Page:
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The meaning of the ending of 2001 according to Stanley Kubrick

1 comments, 275 views, posted 3:54 am 14/07/2018 in TV, Movies & Reviews by HariSeldon
HariSeldon has 6769 posts, 3569 threads, 583 points
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Few directors allowed their movies to speak for themselves more than Stanley Kubrick. Still, when it came to 2001: A Space Odyssey and its mysterious ending, he did attempt to let viewers know what his intention was. In a 1969 interview with Joseph Gelmis, he quickly summed up the entire plot in two paragraphs:


You begin with an artifact left on earth four million years ago by extraterrestrial explorers who observed the behavior of the man-apes of the time and decided to influence their evolutionary progression. Then you have a second artifact buried deep on the lunar surface and programmed to signal word of man’s first baby steps into the universe — a kind of cosmic burglar alarm. And finally there’s a third artifact placed in orbit around Jupiter and waiting for the time when man has reached the outer rim of his own solar system.

When the surviving astronaut, Bowman, ultimately reaches Jupiter, this artifact sweeps him into a force field or star gate that hurls him on a journey through inner and outer space and finally transports him to another part of the galaxy, where he’s placed in a human zoo approximating a hospital terrestrial environment drawn out of his own dreams and imagination. In a timeless state, his life passes from middle age to senescence to death. He is reborn, an enhanced being, a star child, an angel, a superman, if you like, and returns to earth prepared for the next leap forward of man’s evolutionary destiny.

But recently, an audio clip from a never-released Japanese documentary recorded in 1980 surfaced in which the director shares his view of the ending of the film in more detail.


I’ve tried to avoid doing this ever since the picture came out. When you just say the ideas they sound foolish, whereas if they’re dramatized one feels it, but I’ll try.

The idea was supposed to be that he is taken in by god-like entities, creatures of pure energy and intelligence with no shape or form. They put him in what I suppose you could describe as a human zoo to study him, and his whole life passes from that point on in that room. And he has no sense of time. It just seems to happen as it does in the film.

They choose this room, which is a very inaccurate replica of French architecture (deliberately so, inaccurate) because one was suggesting that they had some idea of something that he might think was pretty, but wasn’t quite sure. Just as we’re not quite sure what do in zoos with animals to try to give them what we think is their natural environment.

Anyway, when they get finished with him, as happens in so many myths of all cultures in the world, he is transformed into some kind of super being and sent back to Earth, transformed and made into some sort of superman. We have to only guess what happens when he goes back. It is the pattern of a great deal of mythology, and that is what we were trying to suggest.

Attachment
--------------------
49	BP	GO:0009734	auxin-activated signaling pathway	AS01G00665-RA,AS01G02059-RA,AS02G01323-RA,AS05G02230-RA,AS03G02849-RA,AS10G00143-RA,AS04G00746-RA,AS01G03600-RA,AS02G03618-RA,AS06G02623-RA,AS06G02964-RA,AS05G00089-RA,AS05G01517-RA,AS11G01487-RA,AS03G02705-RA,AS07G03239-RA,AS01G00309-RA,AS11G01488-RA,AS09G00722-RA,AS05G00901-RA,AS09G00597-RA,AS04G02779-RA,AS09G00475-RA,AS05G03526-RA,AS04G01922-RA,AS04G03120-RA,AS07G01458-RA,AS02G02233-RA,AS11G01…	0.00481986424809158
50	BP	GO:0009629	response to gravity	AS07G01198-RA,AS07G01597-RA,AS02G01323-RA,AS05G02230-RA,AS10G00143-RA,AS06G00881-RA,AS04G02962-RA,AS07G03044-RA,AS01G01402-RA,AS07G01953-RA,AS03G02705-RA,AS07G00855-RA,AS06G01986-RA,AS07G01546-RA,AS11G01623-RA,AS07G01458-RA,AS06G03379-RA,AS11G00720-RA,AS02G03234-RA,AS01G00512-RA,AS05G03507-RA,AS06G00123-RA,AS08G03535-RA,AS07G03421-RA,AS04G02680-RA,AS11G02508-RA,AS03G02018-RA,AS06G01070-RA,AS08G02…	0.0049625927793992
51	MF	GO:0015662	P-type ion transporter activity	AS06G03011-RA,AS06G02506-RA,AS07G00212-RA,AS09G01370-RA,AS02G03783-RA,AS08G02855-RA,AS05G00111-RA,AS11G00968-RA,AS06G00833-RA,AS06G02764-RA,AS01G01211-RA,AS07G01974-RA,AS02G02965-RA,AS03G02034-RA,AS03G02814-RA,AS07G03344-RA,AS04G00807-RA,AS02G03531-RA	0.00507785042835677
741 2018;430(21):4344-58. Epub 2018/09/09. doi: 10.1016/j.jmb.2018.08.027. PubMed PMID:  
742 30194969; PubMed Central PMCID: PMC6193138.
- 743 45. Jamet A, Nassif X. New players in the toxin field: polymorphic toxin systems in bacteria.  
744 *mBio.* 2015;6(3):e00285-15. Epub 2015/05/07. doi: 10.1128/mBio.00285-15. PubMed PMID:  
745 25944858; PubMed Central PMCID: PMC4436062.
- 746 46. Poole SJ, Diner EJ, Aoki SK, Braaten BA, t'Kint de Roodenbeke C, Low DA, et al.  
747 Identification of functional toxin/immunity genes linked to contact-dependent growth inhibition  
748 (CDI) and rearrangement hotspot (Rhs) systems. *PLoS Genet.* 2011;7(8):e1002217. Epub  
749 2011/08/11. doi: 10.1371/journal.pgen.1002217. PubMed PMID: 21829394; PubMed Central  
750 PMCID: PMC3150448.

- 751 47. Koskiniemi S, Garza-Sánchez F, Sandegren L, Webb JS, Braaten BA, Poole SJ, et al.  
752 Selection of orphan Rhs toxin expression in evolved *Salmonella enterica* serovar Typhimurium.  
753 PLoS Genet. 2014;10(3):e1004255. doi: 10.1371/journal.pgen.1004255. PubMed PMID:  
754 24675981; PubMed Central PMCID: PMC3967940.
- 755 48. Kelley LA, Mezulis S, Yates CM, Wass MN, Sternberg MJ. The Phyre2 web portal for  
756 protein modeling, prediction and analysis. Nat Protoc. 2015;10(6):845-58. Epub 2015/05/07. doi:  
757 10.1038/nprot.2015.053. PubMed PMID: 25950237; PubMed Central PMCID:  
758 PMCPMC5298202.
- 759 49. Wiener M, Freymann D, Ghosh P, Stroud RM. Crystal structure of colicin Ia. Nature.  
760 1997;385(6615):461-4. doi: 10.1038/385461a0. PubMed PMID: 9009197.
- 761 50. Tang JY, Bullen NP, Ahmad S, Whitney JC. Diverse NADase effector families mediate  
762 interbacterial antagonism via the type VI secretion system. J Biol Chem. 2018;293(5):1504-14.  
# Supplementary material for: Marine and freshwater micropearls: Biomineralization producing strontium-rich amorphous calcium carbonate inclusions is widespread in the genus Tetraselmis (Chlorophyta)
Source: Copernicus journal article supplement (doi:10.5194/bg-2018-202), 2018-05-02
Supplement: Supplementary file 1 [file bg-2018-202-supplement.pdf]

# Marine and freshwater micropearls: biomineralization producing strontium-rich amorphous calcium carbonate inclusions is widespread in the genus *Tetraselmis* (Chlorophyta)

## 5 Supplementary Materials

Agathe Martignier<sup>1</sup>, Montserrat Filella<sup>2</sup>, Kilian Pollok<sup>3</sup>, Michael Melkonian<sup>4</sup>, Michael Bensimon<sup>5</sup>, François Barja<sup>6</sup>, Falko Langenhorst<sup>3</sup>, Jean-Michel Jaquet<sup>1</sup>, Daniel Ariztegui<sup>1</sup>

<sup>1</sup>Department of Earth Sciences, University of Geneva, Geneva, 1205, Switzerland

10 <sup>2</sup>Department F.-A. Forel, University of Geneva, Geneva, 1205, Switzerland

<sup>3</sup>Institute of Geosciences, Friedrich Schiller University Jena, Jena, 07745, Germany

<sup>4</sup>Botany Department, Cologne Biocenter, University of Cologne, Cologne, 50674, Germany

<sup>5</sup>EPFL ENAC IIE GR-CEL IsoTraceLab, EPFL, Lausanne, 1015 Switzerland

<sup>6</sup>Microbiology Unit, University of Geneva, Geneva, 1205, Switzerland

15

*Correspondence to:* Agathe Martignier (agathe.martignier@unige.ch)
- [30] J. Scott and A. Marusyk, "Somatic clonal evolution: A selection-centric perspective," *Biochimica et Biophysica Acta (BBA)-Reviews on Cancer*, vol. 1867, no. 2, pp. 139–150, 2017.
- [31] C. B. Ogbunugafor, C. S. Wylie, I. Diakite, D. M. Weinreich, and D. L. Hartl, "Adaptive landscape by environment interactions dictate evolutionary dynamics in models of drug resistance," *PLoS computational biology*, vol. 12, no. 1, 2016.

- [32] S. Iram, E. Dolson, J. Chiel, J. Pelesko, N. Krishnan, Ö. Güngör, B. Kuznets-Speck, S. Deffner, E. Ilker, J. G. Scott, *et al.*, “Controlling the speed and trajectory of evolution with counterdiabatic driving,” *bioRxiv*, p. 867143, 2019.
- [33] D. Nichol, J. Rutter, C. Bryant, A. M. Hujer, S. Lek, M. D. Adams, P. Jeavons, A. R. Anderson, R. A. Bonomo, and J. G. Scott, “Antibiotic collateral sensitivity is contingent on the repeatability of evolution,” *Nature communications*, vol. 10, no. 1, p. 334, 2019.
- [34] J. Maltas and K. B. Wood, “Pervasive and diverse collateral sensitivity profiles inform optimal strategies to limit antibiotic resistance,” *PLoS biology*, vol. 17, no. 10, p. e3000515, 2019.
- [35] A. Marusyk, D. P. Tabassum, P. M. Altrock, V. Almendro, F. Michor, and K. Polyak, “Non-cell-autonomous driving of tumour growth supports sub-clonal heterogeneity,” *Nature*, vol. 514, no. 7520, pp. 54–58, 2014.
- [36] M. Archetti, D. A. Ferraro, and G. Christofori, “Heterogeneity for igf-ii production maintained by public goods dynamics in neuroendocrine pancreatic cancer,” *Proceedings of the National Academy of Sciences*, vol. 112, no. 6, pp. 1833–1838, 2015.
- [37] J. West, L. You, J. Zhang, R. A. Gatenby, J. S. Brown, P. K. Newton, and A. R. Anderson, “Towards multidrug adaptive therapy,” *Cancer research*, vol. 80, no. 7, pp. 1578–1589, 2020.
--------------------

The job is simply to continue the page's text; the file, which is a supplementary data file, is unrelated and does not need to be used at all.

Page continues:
So that’s the plot stated plainly, but luckily it takes nothing away from any of the metaphorical meanings that people have ascribed to the film over the past 50 years.

Extra Points Given by:

aion_z (5), REALITY (10), evolution (5)


4:10 am 16/07/2018


A few things I've picked up along the way [SPOILERS FOLLOW]:

1. The final sequences of the movie are symbolic of sexual reproduction. Bowman's capsule emerges from long phallic spaceship. Then he goes down hole and finally ends up in a closed room. The source of light in the room is the floor, symbolising the opening below. He then starts seeing copies of himself like a cell dividing. And finally he turns into a baby.

2. One of the themes of the movie and book is our relationship with technology. The first monolith saw protohumans start using tools; one of the ape-creatures picks up a bone and kills with it. The bone is then thrown into the air and the scene changes into a vista of a spaceship, showing the evolution of technology. Humankind has managed to take his first steps into space with the help of technology, but in doing so, has also become utterly reliant on it. Without technology, man would die in space; and eventually it is the culmination of technology, a sentient computer, that threaten's man's very existence. In order to survive, Bowman has to turn into the starchild and shed his dependence on technology.

3. This one is from Michio Kaku: He describes future of civilisation and how super advanced civilisation would explore space. Travelling in star ships one star system at a time like in Star Trek would be incredibly inefficient. The most efficient way to explore space would be send robotic probes that go to other stars, build copies of itself that go out to further stars, and so on. Kaku calls 2001 the most authentic representation of a Type 3 (a galactic civilisation) interacting with a Type 0 (us).

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